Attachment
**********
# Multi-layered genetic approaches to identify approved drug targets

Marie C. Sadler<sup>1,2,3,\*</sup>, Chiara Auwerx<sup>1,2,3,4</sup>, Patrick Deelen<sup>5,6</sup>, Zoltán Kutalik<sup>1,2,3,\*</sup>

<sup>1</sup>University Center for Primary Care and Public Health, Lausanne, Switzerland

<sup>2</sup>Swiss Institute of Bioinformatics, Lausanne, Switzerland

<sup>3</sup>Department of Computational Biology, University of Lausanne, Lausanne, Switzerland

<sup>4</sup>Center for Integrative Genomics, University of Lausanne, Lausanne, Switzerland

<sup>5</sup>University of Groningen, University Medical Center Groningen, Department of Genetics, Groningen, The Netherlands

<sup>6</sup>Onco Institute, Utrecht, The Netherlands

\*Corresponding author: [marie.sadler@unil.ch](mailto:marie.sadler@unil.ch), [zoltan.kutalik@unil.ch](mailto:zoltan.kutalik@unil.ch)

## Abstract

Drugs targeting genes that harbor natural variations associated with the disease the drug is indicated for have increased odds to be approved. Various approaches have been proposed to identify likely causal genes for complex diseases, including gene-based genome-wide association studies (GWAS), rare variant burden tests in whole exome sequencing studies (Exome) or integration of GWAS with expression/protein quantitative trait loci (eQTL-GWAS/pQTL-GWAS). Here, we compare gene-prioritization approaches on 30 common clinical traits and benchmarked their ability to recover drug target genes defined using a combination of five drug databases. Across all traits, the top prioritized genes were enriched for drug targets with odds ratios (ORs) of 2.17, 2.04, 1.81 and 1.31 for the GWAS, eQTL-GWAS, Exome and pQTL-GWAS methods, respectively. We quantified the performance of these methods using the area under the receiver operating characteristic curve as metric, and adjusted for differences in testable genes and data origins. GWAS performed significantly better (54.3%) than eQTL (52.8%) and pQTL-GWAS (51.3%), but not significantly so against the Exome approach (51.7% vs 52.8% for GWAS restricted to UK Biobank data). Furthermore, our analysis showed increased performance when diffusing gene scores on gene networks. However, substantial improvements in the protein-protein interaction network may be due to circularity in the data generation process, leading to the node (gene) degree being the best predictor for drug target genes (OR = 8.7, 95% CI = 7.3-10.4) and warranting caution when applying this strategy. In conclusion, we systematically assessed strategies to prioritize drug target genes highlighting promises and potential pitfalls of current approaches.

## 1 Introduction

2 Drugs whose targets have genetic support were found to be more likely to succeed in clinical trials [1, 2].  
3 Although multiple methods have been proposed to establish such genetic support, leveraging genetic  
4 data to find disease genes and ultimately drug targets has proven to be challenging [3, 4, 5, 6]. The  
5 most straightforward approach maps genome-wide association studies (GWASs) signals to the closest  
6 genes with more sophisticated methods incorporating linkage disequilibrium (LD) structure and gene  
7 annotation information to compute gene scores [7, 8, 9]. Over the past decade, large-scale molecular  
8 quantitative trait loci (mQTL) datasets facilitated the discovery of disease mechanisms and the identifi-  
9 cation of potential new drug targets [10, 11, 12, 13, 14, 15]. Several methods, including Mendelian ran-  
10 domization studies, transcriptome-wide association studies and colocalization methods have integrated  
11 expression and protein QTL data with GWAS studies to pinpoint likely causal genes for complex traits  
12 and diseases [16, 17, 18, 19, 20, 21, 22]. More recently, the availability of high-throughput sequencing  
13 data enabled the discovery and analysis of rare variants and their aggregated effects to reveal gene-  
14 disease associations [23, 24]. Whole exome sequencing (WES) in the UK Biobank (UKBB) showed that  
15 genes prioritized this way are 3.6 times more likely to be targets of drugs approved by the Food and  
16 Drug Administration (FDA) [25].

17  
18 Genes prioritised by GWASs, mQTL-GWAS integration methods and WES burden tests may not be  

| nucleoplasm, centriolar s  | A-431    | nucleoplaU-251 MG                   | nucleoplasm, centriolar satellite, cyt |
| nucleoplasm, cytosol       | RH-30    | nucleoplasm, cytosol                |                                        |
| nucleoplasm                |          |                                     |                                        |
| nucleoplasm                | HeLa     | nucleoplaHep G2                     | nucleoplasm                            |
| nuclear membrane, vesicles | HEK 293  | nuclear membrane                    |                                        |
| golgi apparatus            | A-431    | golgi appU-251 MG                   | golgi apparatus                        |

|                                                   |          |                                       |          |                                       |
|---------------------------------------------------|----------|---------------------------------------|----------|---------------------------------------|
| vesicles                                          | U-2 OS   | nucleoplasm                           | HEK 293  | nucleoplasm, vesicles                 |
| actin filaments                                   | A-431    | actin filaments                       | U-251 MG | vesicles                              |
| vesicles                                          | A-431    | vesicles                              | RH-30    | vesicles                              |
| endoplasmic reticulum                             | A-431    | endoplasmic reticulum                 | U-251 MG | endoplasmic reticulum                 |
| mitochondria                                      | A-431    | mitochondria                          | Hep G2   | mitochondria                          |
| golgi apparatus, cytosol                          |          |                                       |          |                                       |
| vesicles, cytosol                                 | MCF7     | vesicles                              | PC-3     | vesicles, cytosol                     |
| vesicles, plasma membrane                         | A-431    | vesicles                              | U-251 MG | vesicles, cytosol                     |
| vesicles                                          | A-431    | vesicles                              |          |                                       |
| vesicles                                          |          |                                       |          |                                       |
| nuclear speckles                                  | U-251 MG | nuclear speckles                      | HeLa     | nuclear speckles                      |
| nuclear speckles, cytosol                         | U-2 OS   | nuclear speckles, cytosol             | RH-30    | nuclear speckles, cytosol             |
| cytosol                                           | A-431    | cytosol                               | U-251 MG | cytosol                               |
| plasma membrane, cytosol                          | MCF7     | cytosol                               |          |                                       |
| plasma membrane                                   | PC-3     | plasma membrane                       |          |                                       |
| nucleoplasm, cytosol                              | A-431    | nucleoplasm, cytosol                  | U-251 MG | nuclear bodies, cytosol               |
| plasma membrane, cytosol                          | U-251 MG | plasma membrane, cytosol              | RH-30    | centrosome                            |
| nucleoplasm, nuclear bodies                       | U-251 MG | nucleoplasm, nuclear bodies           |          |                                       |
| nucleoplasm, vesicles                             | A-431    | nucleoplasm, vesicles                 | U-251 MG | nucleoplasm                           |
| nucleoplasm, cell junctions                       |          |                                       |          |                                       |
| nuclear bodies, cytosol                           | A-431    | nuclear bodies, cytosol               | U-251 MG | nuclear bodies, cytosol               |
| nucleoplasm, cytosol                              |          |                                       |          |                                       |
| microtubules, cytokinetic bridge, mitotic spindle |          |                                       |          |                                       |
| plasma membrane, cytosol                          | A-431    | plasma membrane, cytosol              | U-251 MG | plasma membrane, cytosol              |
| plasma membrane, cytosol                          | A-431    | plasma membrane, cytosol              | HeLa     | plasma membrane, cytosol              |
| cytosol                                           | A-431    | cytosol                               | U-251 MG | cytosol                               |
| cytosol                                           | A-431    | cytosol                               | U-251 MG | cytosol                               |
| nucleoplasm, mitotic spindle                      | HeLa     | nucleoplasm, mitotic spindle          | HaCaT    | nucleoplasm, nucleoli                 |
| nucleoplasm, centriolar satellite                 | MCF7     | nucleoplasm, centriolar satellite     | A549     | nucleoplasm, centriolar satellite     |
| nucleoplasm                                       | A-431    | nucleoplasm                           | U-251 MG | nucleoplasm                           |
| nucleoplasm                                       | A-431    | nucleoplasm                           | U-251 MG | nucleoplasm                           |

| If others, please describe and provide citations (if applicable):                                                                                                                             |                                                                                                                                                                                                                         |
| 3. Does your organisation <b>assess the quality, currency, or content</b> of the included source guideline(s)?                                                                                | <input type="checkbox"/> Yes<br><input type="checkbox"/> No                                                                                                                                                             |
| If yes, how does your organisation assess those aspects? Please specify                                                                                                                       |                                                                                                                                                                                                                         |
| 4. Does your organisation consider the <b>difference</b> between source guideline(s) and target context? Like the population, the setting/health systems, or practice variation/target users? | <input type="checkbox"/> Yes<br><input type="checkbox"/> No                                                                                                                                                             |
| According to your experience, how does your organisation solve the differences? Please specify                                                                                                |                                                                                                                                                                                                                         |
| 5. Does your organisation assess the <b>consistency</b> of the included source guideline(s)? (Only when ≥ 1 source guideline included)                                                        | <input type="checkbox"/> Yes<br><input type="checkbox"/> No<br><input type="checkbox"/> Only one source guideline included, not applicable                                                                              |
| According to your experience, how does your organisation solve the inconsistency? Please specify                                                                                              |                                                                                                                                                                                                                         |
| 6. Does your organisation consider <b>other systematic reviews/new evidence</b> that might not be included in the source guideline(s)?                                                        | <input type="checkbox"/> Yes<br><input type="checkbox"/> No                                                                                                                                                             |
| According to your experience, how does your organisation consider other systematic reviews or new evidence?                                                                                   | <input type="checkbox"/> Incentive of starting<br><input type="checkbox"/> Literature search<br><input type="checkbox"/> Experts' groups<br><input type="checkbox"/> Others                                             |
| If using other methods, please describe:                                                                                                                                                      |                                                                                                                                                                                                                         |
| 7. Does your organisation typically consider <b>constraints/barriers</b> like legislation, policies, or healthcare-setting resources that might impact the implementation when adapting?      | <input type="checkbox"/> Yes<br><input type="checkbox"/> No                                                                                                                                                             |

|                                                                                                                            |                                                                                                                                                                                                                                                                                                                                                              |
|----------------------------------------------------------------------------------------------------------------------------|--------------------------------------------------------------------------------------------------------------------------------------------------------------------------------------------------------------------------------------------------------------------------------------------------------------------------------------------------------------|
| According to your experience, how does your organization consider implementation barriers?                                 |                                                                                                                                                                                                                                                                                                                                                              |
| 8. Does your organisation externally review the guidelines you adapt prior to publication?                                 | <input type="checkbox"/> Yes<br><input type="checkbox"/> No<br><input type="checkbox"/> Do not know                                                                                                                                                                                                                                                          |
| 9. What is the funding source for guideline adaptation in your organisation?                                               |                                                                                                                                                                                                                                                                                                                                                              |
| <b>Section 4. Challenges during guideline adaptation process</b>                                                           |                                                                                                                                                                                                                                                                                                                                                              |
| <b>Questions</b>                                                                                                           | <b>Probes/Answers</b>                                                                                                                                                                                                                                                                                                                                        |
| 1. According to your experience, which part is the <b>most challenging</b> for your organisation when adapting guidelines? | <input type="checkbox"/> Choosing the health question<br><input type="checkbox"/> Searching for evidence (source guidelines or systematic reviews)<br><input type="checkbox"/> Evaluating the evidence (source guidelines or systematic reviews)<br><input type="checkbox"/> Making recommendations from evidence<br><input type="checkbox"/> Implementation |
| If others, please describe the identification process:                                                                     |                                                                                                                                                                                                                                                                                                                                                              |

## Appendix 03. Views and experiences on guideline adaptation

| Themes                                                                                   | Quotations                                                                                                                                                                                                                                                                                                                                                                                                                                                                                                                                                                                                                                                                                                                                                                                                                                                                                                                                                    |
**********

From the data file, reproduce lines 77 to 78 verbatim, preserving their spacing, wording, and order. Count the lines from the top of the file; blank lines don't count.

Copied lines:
| According to your experience, how does your organisation consider other systematic reviews or new evidence?                                                                                   | <input type="checkbox"/> Incentive of starting<br><input type="checkbox"/> Literature search<br><input type="checkbox"/> Experts' groups<br><input type="checkbox"/> Others                                             |
| If using other methods, please describe:                                                                                                                                                      |                                                                                                                                                                                                                         |